In the next post, Part 3, We will focus on the David and Absalom narrative and pick at the threads to unravel the story.


 

[1] Schwarz, 117.

[2]  Augustine of Hippo, The City of God, Kindle Electronic Edition: Location 7298-7300.

[3] The Westminster Shorter Catechism 1647, Question 1:. What is the chief end of man? Answer: Man’s chief end is to glorify God,  and to enjoy him for ever.

[4] Genesis 3:15 “He (the seed of the woman) will bruise your head, and you shall bruise him on the heal.”

[5]Genesis 12:3, “I will bless those who bless you, and the one who curses you I will curse.”

[6]Genesis 19; Exodus 14;  Numbers 16; 1 Samuel 4

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Evil Opposition in Scripture: A Series…

May 25, 2012

Part 1. Introduction…

From the moment of the Fall there has been a tension present in history.  Adam and Eve felt it and hid themselves in response to it.  God described it in the curse of the serpent and the promise of the Seed.  Cain displayed it with the murder of his brother.  From Cain on, there were a long line of those who embodied it and fell victim to its effects.  The “tension” in question is presence of evil opposition to God’s anointed.  The tension of messianic opposition is rooted in Genesis 3, and branches out through scripture.  Present along with the proto-euangelion in Genesis 3 is also a proto-opposition that bears witness to the type and fate of those who will seek to oppose the seed of the woman.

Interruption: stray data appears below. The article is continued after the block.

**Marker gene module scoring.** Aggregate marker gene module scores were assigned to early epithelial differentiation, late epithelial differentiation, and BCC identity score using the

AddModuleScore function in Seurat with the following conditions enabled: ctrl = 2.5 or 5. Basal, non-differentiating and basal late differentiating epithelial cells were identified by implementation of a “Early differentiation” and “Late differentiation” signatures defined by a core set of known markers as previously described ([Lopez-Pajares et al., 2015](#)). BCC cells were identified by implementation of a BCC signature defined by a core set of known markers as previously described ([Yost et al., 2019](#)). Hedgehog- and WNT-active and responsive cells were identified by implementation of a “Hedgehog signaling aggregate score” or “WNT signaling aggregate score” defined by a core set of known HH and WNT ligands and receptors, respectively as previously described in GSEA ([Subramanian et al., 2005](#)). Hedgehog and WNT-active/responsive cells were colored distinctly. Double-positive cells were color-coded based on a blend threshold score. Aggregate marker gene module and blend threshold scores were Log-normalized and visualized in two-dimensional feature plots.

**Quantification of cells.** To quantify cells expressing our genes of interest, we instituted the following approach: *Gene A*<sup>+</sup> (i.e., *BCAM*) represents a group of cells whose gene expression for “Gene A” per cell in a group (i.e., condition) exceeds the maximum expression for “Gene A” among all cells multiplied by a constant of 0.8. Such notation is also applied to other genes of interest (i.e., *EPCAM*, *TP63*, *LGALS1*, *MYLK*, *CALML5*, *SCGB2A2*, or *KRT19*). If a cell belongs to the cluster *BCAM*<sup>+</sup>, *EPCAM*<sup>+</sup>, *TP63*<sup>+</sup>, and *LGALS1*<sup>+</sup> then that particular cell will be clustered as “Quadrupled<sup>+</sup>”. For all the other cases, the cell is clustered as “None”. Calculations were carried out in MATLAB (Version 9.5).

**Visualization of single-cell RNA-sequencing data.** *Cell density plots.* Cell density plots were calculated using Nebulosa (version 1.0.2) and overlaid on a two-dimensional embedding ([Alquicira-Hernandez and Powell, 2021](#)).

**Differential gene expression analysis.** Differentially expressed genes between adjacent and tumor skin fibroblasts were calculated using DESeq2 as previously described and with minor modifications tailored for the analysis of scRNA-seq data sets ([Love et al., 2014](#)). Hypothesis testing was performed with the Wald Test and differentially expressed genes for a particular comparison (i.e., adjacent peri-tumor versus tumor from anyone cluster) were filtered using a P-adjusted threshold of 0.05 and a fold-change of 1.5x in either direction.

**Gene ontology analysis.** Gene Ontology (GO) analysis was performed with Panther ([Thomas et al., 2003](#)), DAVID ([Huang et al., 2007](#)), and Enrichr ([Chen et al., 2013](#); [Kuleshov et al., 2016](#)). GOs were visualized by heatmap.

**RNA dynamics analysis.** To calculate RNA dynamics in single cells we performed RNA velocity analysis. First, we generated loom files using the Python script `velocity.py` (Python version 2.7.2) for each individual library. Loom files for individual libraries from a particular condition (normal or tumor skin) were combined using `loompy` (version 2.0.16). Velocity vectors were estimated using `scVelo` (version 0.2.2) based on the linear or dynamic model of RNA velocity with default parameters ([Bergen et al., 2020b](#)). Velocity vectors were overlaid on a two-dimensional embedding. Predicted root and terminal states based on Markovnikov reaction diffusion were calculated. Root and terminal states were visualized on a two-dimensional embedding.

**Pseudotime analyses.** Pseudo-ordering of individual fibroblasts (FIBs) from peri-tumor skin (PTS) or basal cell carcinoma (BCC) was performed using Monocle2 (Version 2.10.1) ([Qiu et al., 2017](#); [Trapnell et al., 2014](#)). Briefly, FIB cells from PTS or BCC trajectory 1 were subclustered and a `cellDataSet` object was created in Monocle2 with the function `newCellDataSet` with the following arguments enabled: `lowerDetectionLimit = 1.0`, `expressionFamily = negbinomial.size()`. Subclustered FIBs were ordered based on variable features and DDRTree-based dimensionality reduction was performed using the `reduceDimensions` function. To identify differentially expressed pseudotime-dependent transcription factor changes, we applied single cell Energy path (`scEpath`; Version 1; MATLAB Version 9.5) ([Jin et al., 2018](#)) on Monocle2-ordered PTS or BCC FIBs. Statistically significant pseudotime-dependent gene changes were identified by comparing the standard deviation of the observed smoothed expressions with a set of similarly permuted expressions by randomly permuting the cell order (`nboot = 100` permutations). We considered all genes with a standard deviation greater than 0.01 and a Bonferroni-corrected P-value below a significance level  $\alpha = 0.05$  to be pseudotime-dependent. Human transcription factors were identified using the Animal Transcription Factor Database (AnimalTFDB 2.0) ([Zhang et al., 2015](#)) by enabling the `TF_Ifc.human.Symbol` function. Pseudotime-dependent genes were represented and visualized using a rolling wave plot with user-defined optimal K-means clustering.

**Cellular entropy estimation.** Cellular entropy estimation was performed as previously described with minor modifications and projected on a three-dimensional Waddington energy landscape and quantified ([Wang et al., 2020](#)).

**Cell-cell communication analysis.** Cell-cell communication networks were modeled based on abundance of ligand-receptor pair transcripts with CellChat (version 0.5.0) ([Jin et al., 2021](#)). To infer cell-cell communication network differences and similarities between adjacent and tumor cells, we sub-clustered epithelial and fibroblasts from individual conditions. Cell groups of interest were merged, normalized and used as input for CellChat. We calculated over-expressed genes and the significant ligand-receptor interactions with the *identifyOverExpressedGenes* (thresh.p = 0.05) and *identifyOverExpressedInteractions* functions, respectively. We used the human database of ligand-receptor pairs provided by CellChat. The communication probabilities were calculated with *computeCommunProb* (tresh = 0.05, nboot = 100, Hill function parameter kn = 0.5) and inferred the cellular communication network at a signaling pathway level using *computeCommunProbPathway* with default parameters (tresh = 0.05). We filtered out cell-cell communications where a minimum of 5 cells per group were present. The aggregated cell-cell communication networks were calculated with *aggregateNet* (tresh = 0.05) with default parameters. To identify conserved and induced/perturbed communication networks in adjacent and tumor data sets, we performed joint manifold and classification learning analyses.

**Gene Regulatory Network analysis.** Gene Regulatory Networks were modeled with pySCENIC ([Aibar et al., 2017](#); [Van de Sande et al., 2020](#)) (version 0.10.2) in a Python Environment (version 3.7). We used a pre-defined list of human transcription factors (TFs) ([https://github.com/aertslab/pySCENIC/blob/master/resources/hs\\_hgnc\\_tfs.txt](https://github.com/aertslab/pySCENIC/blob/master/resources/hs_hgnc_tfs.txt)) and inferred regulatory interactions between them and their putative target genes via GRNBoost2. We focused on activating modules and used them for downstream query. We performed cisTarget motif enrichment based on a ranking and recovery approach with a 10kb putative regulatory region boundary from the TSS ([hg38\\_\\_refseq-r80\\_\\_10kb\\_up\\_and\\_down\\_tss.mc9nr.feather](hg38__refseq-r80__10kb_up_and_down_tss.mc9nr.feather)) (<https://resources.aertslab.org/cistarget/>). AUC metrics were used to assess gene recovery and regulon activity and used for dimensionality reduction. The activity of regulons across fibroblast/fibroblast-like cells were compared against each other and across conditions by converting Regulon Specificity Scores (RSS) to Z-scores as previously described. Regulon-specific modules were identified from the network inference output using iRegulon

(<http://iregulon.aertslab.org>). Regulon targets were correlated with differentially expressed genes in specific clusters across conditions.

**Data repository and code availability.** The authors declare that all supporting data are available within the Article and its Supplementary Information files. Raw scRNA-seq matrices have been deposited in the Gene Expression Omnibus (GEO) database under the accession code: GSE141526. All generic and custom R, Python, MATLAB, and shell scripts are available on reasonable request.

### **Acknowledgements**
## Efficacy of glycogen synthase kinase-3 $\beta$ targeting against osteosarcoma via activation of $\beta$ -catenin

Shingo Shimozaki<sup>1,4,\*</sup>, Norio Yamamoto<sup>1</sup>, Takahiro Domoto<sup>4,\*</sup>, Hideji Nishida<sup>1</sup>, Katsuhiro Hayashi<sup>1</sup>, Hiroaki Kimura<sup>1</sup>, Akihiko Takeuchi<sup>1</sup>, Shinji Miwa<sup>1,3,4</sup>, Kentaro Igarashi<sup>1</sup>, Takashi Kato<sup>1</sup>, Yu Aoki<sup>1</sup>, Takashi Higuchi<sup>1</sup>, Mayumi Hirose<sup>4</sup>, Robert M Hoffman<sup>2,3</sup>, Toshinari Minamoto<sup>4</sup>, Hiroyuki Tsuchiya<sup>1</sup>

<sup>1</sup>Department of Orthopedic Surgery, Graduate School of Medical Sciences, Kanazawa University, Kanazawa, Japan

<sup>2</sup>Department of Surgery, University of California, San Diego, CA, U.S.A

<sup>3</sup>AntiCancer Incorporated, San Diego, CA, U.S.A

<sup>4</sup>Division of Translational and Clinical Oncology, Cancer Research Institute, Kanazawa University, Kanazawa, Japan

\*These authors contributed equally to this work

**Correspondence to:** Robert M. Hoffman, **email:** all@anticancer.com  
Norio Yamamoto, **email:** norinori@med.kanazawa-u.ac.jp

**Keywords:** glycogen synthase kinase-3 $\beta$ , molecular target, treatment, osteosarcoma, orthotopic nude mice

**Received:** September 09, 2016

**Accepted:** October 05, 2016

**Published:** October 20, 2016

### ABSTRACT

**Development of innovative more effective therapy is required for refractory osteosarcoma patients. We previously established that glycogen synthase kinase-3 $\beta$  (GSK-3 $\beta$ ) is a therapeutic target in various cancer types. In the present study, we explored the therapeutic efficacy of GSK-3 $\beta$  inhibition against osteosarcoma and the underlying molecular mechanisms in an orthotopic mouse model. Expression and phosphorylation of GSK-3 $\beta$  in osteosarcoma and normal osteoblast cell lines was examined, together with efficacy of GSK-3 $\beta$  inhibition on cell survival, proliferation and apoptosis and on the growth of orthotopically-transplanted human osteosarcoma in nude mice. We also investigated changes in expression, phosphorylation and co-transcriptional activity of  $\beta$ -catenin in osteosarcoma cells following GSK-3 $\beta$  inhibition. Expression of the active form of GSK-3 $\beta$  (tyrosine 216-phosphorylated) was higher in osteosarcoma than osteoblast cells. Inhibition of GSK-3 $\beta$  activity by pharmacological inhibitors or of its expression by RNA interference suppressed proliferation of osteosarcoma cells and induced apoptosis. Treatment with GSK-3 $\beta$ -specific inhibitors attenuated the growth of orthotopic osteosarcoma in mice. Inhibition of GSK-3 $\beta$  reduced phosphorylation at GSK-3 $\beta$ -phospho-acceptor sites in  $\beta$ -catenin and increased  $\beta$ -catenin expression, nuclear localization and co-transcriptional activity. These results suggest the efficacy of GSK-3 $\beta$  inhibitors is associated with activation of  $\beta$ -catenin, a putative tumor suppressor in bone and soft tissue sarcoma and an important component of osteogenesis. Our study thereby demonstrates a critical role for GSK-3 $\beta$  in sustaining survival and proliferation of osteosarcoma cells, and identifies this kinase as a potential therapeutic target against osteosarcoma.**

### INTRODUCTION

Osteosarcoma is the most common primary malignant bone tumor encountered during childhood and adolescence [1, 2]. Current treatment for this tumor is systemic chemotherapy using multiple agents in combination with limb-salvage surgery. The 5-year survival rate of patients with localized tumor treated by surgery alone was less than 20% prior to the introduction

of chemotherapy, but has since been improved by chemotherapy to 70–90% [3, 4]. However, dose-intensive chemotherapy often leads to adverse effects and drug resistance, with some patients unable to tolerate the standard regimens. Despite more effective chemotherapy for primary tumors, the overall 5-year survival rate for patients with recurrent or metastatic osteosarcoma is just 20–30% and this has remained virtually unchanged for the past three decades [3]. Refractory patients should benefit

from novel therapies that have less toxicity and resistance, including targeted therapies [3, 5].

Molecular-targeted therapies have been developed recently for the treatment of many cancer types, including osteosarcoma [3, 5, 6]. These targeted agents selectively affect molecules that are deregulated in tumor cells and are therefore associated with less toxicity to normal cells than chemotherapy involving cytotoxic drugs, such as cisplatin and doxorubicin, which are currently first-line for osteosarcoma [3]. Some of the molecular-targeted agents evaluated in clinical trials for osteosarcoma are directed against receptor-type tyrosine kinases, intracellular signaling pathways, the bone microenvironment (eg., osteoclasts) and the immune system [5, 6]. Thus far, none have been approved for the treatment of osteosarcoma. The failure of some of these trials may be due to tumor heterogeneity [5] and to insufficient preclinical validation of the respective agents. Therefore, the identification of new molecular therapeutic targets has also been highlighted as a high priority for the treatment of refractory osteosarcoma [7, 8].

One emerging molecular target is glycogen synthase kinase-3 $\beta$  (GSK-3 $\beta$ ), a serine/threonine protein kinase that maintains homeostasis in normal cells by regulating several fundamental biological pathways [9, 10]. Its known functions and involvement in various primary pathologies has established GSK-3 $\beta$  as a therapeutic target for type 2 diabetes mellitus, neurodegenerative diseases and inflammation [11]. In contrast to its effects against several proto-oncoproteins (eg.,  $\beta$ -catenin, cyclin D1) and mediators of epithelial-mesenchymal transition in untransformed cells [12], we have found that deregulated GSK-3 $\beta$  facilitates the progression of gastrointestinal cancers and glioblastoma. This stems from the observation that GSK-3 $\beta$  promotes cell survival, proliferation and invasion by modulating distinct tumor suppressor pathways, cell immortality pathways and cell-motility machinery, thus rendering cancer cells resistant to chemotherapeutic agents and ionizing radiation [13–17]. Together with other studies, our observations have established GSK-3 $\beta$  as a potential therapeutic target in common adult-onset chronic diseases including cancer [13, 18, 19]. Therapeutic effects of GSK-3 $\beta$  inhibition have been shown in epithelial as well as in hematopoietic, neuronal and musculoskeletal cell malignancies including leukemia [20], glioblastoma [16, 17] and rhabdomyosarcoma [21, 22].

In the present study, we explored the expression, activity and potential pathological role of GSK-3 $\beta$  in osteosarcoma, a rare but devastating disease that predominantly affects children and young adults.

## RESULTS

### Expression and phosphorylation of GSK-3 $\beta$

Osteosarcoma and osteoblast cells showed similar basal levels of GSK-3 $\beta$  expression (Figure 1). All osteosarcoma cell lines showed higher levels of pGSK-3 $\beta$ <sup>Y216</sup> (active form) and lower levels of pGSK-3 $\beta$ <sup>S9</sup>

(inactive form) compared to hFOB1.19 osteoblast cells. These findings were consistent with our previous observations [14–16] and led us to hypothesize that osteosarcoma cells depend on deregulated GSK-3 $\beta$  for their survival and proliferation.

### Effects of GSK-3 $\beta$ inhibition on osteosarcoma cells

Where the allusion to the messiah is present, so too is the specter of His opposition.  The presence of these two forces together creates a palpable tension that pulses through the narrative of the Bible.  Each side is marked by characteristics that point forward to their ultimate fulfillment.  Messianic characteristics found in individuals within the text point us to Christ as judge, lawgiver, king, and Immanuel.  Likewise the characteristics of the opposition point us to their ultimate fulfillment in Satan as adversary, deceiver, self-exalting murderer, and defeated one.

This evil opposition and its characteristics can be seen in individuals throughout the text as they seek to oppose the will of God, often as they oppose His chosen people Israel.  As the types for Christ become more pronounced and specific within the text so does the type for Satan.  Our purpose here is to examine this character of evil opposition, its source, its mean and its in end the text.  We shall attempt to prove that there is a link between three passages of scripture that inform our understanding of the presence of evil opposition to anointed of God.

First we will examine the story of Absalom and his rebellion against his King in II Samuel.

Second we shall center on the figure represented in Israel’s taunt of Isaiah 14, “the son of the dawn” and I will argue that Isaiah has Absalom in view in this passage.

Third we will see how both of these Old Testament texts point forward to Judas’ opposition to the Messiah King in the gospels.

Finally we shall draw these texts together and try to make sense of their common characteristics.  By looking at these texts we desire to increase our understanding of both the opposition; Satan, and the One being opposed; Christ.  To that end, as we peer into the darkness may the marvelous light of God may be more pronounced; that we might gain hope by seeing the futility of those who oppose God.

In the Next Post, Part 2, we will discuss the characteristics of evil in Scripture.